The Day After We Sold the World

hathaway 1

(On 1 June 2017, the USA decided to exit the Paris Climate Accord)

Two-inch shoots of corn lift from the cracked mud
of fields that were deep in flood a week ago.
Life doesn’t stop. This is comfort or warning or both.
Beside the trail, the water for long stretches

is suffused, almost too washed in light to see
as it soughs and blurs over stone
because it is noon and the sun comes straight
down, soaking the ravine, rather than slanting in

and pouring it full of shadows, as it will later.
Water-striders skitter and pause, skitter
and pause, dimpling the surface, and frogs
kick like mad as they swim below them.

I am here, too. I sit above the waterfall, don’t think
but watch a blacksnake, this beautiful genius,
insinuating up the middle of the stream, winding

against the current, from far down, a bit of dark rope
or thread, a moving brush stroke suspended
in the invisible flow, above his shadow twisting
like smoke on the pale-yellowish slate of the stream bed,

curling as he sways through patches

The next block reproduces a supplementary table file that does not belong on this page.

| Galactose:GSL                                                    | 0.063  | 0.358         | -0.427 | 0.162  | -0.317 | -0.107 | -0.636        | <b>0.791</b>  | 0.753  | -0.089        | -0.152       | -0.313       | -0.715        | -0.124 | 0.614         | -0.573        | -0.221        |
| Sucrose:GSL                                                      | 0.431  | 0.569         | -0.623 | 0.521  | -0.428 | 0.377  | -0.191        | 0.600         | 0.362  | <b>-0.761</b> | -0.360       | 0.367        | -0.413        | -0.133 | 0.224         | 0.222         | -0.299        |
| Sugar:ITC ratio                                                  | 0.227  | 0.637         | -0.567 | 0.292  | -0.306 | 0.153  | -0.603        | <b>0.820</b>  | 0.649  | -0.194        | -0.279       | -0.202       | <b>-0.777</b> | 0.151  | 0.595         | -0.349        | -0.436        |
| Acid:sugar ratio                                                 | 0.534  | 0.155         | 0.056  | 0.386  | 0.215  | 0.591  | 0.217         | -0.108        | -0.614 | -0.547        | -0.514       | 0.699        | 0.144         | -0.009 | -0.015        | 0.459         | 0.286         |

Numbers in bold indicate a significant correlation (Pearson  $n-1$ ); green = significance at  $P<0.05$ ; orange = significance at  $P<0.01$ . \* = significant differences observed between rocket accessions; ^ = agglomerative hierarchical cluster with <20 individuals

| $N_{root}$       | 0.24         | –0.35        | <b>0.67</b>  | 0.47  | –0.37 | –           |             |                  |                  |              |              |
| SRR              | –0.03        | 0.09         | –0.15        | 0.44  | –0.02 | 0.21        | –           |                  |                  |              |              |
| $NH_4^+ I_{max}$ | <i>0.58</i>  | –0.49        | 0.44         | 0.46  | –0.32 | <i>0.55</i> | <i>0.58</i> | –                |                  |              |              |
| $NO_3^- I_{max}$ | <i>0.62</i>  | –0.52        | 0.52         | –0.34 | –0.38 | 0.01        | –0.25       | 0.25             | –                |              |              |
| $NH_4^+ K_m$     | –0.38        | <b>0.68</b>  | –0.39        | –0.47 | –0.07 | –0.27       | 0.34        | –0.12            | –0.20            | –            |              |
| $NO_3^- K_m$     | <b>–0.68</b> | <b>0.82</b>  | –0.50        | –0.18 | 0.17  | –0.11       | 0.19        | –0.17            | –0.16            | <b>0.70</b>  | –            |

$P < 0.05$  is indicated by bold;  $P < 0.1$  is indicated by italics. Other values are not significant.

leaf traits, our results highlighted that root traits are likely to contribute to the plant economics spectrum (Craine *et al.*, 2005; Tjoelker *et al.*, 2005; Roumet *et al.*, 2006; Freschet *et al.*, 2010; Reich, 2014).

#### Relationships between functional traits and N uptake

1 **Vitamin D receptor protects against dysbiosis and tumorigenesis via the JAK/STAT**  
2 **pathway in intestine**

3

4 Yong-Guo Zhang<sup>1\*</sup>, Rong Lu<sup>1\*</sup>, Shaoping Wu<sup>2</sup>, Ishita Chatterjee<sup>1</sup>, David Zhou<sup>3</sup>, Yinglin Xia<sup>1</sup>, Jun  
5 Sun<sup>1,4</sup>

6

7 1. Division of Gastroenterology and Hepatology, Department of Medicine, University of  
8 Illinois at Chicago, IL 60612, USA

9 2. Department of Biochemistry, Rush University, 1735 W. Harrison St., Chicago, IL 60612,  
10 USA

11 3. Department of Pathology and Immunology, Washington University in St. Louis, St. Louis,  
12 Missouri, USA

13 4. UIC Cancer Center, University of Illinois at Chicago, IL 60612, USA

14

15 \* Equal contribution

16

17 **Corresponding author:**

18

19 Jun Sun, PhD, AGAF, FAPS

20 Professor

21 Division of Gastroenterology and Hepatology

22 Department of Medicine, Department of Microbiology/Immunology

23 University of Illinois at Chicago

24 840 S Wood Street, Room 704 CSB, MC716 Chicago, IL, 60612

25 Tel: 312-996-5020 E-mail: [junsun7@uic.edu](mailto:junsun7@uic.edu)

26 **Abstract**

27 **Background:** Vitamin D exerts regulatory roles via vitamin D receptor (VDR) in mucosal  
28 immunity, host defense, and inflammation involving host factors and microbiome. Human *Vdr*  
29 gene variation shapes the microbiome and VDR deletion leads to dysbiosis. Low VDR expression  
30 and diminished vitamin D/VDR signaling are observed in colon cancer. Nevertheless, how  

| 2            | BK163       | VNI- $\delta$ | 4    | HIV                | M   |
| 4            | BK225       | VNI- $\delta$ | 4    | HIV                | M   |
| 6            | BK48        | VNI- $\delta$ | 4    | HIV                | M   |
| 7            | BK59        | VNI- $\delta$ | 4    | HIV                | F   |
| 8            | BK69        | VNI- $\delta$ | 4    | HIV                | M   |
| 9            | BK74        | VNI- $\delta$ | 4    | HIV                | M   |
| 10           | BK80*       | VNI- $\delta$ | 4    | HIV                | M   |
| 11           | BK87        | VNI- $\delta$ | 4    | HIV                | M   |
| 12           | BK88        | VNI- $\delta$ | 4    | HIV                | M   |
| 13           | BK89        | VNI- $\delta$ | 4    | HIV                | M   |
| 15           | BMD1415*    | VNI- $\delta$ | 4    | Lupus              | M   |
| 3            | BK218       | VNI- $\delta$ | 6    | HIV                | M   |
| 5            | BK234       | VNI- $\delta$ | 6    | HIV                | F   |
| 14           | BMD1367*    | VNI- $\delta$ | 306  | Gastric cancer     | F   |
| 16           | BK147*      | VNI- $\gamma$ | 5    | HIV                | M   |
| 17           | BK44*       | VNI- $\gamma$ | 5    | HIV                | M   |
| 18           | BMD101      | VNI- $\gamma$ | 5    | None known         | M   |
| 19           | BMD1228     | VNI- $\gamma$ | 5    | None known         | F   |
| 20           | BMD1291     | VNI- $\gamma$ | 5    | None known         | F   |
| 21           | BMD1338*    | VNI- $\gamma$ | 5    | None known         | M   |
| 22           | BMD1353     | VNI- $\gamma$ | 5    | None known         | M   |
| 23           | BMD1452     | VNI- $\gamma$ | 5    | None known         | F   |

of shade and sun, up to the falls, and out
onto a ledge beside the foam to stretch and bask.

I go home, and a grey catbird hops along the porch rail.

James Owens‘s most recent collection of poems is Mortalia (FutureCycle Press, 2015). His poems, stories, and translations appear widely in literary journals, including publications in The Fourth River, Kestrel, Tule Review, Poetry Ireland Review, and Southword. He earned an MFA at the University of Alabama and lives in Indiana and northern Ontario.

 

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One thought on “The Day After We Sold the World

  1. Beautiful. The poem reminds me of the last paragraph in Cormac McCarthy’s The Road. A hint to the hope that even if we, as humans, destroy ourselves, life will continue.

    “Once there were brook trout in the streams in the mountains. You could see them standing in the amber current where the white edges of their fins wimpled softly in the flow. They smelled of moss in your hand. Polished and muscular and torsional. On their backs were vermiculate patterns that were maps of the world in its becoming. Maps and mazes. Of a thing which could not be put back. Not be made right again. In the deep glens where they lived all things were older than man and they hummed of mystery.”

    C. McCarthy, The Road

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